BAM Intelligence

Private Equity Adds Risk, Little Return

The term “private equity” is used to describe various types (e.g., buyout funds and venture capital funds) of privately placed (nonpublicly traded) investments. Even though buyout (BO) funds and venture capital (VC) funds have similar organizational and compensation structures, they are distinguished by the types of investments they make and the way those investments are financed.

BO funds generally acquire 100% of the target firm (which can be public or private) and use leverage. VC funds take minority positions in private businesses and do not use debt financing. Today BO funds account for about three-fourths of private equity deals.

Private equity (PE) excites many investors, offering the opportunity for spectacular returns (although, as with most investments, we generally hear only the stories with happy endings). Even the term conveys an exclusive nature, especially for investors who yearn to be “players.”

Capital committed to PE funds worldwide has risen substantially in the past two decades, thanks largely to U.S. pension funds searching for alternatives to public equity markets that might help them meet their return objectives. Endowments seeking to replicate the successes of the Yale Endowment have also contributed to the growth of PE funds. And it is reasonable to assume that high-risk, illiquid investments are priced by investors to deliver higher expected returns than publicly traded securities to compensate for the greater risk.

The Historical Evidence

Steven Kaplan and Berk Sensoy contributed to the literature on the performance of PE funds through an extensive survey of current research on the performance of private equity. Following is a summary of the findings from their October 2014 paper, “Private Equity Performance: A Survey”:

  • BO funds have outperformed the S&P 500 net of fees by about 20%, on average, over the life of the fund.
  • VC funds raised in the 1990s outperformed the S&P 500, while those raised in the 2000s have not.
  • Before the 2000s, buyout and VC fund performance showed strong evidence of persistence.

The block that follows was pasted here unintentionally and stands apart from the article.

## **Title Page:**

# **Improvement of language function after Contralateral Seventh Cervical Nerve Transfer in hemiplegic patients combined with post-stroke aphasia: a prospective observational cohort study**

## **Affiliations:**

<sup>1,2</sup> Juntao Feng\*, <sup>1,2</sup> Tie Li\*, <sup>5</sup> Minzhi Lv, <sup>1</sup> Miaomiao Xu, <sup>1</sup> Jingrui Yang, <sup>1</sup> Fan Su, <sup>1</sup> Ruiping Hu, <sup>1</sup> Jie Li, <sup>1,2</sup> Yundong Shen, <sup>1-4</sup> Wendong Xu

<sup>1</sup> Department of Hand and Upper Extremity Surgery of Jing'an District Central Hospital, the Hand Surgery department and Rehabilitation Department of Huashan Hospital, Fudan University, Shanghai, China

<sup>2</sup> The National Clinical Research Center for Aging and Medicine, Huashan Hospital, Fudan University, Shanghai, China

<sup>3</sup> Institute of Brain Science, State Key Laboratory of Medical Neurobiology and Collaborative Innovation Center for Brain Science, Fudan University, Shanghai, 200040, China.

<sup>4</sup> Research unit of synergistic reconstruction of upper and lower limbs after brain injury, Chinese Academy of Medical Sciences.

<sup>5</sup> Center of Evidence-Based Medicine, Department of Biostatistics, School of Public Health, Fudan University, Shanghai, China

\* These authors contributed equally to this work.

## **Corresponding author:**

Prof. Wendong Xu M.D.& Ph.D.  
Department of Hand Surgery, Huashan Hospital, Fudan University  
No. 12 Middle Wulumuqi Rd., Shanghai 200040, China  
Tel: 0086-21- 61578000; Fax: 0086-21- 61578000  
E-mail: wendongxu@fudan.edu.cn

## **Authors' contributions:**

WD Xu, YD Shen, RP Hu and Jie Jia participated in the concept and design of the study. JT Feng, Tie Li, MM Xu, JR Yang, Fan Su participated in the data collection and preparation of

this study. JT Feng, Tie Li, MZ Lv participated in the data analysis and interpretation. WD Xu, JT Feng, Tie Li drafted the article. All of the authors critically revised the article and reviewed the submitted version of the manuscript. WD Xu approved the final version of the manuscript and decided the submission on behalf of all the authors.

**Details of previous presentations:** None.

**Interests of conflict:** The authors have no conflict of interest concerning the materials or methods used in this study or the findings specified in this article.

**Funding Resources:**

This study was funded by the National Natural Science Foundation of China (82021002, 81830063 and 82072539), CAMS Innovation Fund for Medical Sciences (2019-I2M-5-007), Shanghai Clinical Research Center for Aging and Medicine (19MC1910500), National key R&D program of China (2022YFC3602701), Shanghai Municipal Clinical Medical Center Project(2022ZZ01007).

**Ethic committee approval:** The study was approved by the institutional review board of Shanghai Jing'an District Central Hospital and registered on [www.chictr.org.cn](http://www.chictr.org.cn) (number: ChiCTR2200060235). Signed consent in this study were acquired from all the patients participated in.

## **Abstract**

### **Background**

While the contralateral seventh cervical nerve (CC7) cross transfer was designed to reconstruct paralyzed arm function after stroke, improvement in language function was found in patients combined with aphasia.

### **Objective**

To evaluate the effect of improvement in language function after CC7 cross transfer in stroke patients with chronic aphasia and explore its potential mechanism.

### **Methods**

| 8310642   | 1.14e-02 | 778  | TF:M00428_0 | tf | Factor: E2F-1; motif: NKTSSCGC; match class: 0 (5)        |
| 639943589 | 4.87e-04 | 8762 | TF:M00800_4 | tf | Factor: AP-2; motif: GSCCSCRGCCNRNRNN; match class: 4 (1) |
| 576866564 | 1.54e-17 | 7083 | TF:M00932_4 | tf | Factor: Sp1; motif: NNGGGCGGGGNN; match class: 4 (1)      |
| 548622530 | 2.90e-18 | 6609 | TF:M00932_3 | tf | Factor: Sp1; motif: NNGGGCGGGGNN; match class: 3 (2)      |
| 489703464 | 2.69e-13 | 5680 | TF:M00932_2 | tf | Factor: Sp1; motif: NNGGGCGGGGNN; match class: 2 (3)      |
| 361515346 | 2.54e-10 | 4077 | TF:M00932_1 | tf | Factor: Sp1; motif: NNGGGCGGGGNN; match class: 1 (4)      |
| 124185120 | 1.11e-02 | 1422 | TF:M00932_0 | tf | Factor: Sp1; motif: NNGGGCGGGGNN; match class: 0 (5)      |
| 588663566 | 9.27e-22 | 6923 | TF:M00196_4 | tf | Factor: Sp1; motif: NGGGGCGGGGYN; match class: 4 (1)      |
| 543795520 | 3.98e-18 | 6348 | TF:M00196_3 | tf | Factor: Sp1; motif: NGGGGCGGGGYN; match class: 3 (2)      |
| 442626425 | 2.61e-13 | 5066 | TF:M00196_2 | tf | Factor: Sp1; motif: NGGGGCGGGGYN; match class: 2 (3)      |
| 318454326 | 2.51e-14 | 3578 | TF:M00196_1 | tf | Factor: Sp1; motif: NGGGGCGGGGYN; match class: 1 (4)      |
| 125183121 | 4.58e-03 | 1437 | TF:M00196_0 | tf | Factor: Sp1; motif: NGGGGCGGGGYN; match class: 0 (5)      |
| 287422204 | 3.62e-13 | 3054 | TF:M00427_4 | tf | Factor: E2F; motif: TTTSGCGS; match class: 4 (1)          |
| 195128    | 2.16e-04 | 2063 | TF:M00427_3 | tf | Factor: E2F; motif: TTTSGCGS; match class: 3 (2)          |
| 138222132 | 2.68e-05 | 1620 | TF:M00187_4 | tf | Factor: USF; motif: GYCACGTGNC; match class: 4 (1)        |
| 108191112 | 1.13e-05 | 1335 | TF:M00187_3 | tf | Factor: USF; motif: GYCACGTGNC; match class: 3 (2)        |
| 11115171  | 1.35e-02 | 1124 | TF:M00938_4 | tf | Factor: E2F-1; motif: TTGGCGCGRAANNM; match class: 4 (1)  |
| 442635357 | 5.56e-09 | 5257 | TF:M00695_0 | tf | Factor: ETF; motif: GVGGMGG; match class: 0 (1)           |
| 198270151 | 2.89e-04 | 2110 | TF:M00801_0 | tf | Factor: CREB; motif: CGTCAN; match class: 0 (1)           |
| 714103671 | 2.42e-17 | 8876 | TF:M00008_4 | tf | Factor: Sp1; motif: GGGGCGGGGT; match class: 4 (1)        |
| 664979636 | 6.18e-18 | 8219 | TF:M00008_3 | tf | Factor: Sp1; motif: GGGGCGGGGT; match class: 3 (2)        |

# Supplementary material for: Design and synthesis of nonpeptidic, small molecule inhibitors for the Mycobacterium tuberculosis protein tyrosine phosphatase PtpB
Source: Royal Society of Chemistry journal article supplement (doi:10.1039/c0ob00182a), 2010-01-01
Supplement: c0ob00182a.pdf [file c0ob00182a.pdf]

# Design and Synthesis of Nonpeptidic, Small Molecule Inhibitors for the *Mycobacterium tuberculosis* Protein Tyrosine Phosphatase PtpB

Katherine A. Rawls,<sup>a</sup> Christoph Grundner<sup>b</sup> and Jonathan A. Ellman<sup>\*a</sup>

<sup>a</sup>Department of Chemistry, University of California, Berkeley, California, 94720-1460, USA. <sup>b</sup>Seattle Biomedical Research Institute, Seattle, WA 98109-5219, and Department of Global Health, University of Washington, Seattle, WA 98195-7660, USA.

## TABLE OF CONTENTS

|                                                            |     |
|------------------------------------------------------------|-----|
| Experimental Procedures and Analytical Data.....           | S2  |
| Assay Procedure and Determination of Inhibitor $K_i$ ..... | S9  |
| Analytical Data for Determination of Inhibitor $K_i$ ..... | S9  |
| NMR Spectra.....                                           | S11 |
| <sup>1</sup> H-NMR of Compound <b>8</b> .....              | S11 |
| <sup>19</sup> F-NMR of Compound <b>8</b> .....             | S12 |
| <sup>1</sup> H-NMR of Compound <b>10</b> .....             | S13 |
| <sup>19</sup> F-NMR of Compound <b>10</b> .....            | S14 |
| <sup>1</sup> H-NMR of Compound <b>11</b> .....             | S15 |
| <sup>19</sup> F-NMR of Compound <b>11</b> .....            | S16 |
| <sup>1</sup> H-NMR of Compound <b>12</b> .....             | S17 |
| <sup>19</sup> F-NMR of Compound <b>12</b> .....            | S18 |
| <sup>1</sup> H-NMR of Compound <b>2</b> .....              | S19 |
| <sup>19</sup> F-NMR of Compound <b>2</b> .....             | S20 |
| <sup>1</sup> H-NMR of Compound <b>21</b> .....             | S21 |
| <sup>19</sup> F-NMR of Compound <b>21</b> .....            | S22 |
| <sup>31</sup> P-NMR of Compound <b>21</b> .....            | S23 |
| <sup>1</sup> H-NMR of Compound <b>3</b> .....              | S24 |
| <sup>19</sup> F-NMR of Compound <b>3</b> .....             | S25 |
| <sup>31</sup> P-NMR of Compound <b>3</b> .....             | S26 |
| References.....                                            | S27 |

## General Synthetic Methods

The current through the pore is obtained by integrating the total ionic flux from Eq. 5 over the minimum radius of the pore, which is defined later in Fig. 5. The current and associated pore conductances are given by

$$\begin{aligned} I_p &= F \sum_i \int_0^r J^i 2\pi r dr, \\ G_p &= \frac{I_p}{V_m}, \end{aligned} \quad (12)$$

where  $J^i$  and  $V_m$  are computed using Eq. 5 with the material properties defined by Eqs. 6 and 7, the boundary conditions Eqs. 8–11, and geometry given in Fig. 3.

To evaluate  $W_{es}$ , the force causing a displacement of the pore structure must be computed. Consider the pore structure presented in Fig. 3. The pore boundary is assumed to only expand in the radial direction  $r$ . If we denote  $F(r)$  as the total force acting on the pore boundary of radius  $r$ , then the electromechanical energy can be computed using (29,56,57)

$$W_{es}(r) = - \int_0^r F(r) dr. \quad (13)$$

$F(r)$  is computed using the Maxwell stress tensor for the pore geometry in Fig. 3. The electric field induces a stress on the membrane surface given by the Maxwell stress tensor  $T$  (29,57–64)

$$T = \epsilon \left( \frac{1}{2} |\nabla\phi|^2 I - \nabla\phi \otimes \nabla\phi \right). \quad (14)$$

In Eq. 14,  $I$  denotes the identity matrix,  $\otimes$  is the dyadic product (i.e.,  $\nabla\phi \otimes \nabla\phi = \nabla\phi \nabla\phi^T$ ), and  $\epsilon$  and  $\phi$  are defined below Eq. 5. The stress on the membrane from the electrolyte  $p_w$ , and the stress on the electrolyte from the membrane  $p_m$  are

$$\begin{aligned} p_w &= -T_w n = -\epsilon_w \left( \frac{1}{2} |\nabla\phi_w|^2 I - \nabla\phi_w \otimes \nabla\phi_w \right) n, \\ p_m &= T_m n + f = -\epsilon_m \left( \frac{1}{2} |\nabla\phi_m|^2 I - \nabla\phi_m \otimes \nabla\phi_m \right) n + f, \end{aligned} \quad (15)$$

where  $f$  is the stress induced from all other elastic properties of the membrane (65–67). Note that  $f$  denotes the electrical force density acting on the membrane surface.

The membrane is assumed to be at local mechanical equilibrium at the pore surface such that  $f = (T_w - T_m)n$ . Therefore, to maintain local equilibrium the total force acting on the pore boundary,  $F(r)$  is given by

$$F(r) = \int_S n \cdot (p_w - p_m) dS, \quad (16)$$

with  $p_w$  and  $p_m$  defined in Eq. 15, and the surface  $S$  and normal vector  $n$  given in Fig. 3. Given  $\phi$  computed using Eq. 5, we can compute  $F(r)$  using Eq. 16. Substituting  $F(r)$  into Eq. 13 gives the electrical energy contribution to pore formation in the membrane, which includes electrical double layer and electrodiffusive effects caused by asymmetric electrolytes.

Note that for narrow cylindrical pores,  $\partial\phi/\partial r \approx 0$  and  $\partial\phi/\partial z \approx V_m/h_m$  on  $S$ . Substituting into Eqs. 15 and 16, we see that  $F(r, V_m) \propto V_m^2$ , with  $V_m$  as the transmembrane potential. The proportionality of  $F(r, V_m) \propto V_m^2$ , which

• Since 2000, there is little evidence of BO fund persistence (with the exception of persistence among those in the bottom quartile, the worst performers), while VC fund persistence has remained strong.

Unfortunately, the returns data presented by Kaplan and Sensoy isn’t risk-adjusted. Private equity is really much riskier than an investment in a publicly traded S&P 500 Index fund, making it a wholly inappropriate benchmark. For example …

  • Companies in the S&P 500 are typically among the largest and strongest companies, while VC typically invests in smaller and early-stage companies with far less financial strength. Studies have estimated betas for BO funds at about 1.3 and for VC funds at 1.6 to 2.5. Adjusting for the higher betas alone would have erased any evidence of outperformance. Similarly risky but also publicly available small value stocks have also outperformed the S&P 500 by a wide margin—from 1927 through 2016, the S&P 500 returned 10.0%, while the Fama-French Small Value Index (ex utilities) returned 13.6%.
  • Investors in private equity forgo the benefits of daily liquidity. It’s well-documented in the literature that investors will demand a premium for investing in illiquid assets, especially those that perform poorly in bad times (like PE). There’s no adjustment in the returns data for the risk of illiquidity. In addition to the lack of liquidity relative to investments in mutual funds, private equity investors also forgo the benefits of transparency and broad diversification (and for individuals, the ability to harvest losses for tax purposes).
  • The median return of PE is much lower than the mean (the arithmetic average) return. PE’s relatively high average return reflects the small possibility of a truly outstanding return, combined with the much larger probability of a more modest or negative return. In effect, PE investments are like options (or lottery tickets). They tend to provide a small chance of a huge payout but a much larger chance of a below-average return. And it’s difficult, especially for individual investors, to diversify this risk.